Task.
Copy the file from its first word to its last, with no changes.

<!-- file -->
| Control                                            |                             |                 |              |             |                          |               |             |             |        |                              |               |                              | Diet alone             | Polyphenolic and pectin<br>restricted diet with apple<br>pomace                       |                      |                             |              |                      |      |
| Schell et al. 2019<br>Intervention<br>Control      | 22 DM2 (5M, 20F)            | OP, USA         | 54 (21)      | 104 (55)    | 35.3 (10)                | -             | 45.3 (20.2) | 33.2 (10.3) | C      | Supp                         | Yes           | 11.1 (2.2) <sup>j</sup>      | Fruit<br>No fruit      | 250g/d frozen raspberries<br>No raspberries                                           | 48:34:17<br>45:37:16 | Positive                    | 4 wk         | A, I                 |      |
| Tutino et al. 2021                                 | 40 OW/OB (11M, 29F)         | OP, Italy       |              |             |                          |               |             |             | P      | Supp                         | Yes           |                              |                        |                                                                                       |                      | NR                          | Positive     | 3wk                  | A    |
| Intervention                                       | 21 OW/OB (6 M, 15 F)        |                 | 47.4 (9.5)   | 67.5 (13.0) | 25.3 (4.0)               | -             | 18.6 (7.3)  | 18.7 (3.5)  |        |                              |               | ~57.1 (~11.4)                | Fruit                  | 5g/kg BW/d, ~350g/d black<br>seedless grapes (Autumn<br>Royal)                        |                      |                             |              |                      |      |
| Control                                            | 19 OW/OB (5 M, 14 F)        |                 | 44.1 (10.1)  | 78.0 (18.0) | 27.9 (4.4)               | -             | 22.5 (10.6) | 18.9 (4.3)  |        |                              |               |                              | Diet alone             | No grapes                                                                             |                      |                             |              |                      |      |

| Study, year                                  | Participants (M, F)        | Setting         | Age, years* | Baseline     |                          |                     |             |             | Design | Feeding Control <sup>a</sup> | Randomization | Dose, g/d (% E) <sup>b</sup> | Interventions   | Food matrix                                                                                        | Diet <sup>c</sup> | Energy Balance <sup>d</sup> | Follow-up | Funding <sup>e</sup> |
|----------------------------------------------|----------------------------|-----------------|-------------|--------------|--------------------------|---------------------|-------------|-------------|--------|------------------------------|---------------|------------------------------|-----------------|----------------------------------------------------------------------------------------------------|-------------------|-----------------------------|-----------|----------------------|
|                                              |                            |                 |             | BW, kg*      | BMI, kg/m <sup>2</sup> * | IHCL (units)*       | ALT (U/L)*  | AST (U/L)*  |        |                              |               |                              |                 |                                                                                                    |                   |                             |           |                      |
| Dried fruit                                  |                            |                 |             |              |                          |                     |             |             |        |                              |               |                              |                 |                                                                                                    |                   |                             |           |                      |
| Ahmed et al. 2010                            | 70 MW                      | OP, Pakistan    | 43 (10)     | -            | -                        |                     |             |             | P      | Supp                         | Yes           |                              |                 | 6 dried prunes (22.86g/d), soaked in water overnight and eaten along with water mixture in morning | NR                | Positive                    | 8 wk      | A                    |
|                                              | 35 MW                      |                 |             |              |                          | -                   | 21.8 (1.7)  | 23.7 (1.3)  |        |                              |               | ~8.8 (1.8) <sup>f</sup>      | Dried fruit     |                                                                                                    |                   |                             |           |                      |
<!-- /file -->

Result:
| Control                                            |                             |                 |              |             |                          |               |             |             |        |                              |               |                              | Diet alone             | Polyphenolic and pectin<br>restricted diet with apple<br>pomace                       |                      |                             |              |                      |      |
| Schell et al. 2019<br>Intervention<br>Control      | 22 DM2 (5M, 20F)            | OP, USA         | 54 (21)      | 104 (55)    | 35.3 (10)                | -             | 45.3 (20.2) | 33.2 (10.3) | C      | Supp                         | Yes           | 11.1 (2.2) <sup>j</sup>      | Fruit<br>No fruit      | 250g/d frozen raspberries<br>No raspberries                                           | 48:34:17<br>45:37:16 | Positive                    | 4 wk         | A, I                 |      |
| Tutino et al. 2021                                 | 40 OW/OB (11M, 29F)         | OP, Italy       |              |             |                          |               |             |             | P      | Supp                         | Yes           |                              |                        |                                                                                       |                      | NR                          | Positive     | 3wk                  | A    |
| Intervention                                       | 21 OW/OB (6 M, 15 F)        |                 | 47.4 (9.5)   | 67.5 (13.0) | 25.3 (4.0)               | -             | 18.6 (7.3)  | 18.7 (3.5)  |        |                              |               | ~57.1 (~11.4)                | Fruit                  | 5g/kg BW/d, ~350g/d black<br>seedless grapes (Autumn<br>Royal)                        |                      |                             |              |                      |      |
| Control                                            | 19 OW/OB (5 M, 14 F)        |                 | 44.1 (10.1)  | 78.0 (18.0) | 27.9 (4.4)               | -             | 22.5 (10.6) | 18.9 (4.3)  |        |                              |               |                              | Diet alone             | No grapes                                                                             |                      |                             |              |                      |      |

| Study, year                                  | Participants (M, F)        | Setting         | Age, years* | Baseline     |                          |                     |             |             | Design | Feeding Control <sup>a</sup> | Randomization | Dose, g/d (% E) <sup>b</sup> | Interventions   | Food matrix                                                                                        | Diet <sup>c</sup> | Energy Balance <sup>d</sup> | Follow-up | Funding <sup>e</sup> |
|----------------------------------------------|----------------------------|-----------------|-------------|--------------|--------------------------|---------------------|-------------|-------------|--------|------------------------------|---------------|------------------------------|-----------------|----------------------------------------------------------------------------------------------------|-------------------|-----------------------------|-----------|----------------------|
|                                              |                            |                 |             | BW, kg*      | BMI, kg/m <sup>2</sup> * | IHCL (units)*       | ALT (U/L)*  | AST (U/L)*  |        |                              |               |                              |                 |                                                                                                    |                   |                             |           |                      |
| Dried fruit                                  |                            |                 |             |              |                          |                     |             |             |        |                              |               |                              |                 |                                                                                                    |                   |                             |           |                      |
| Ahmed et al. 2010                            | 70 MW                      | OP, Pakistan    | 43 (10)     | -            | -                        |                     |             |             | P      | Supp                         | Yes           |                              |                 | 6 dried prunes (22.86g/d), soaked in water overnight and eaten along with water mixture in morning | NR                | Positive                    | 8 wk      | A                    |
|                                              | 35 MW                      |                 |             |              |                          | -                   | 21.8 (1.7)  | 23.7 (1.3)  |        |                              |               | ~8.8 (1.8) <sup>f</sup>      | Dried fruit     |                                                                                                    |                   |                             |           |                      |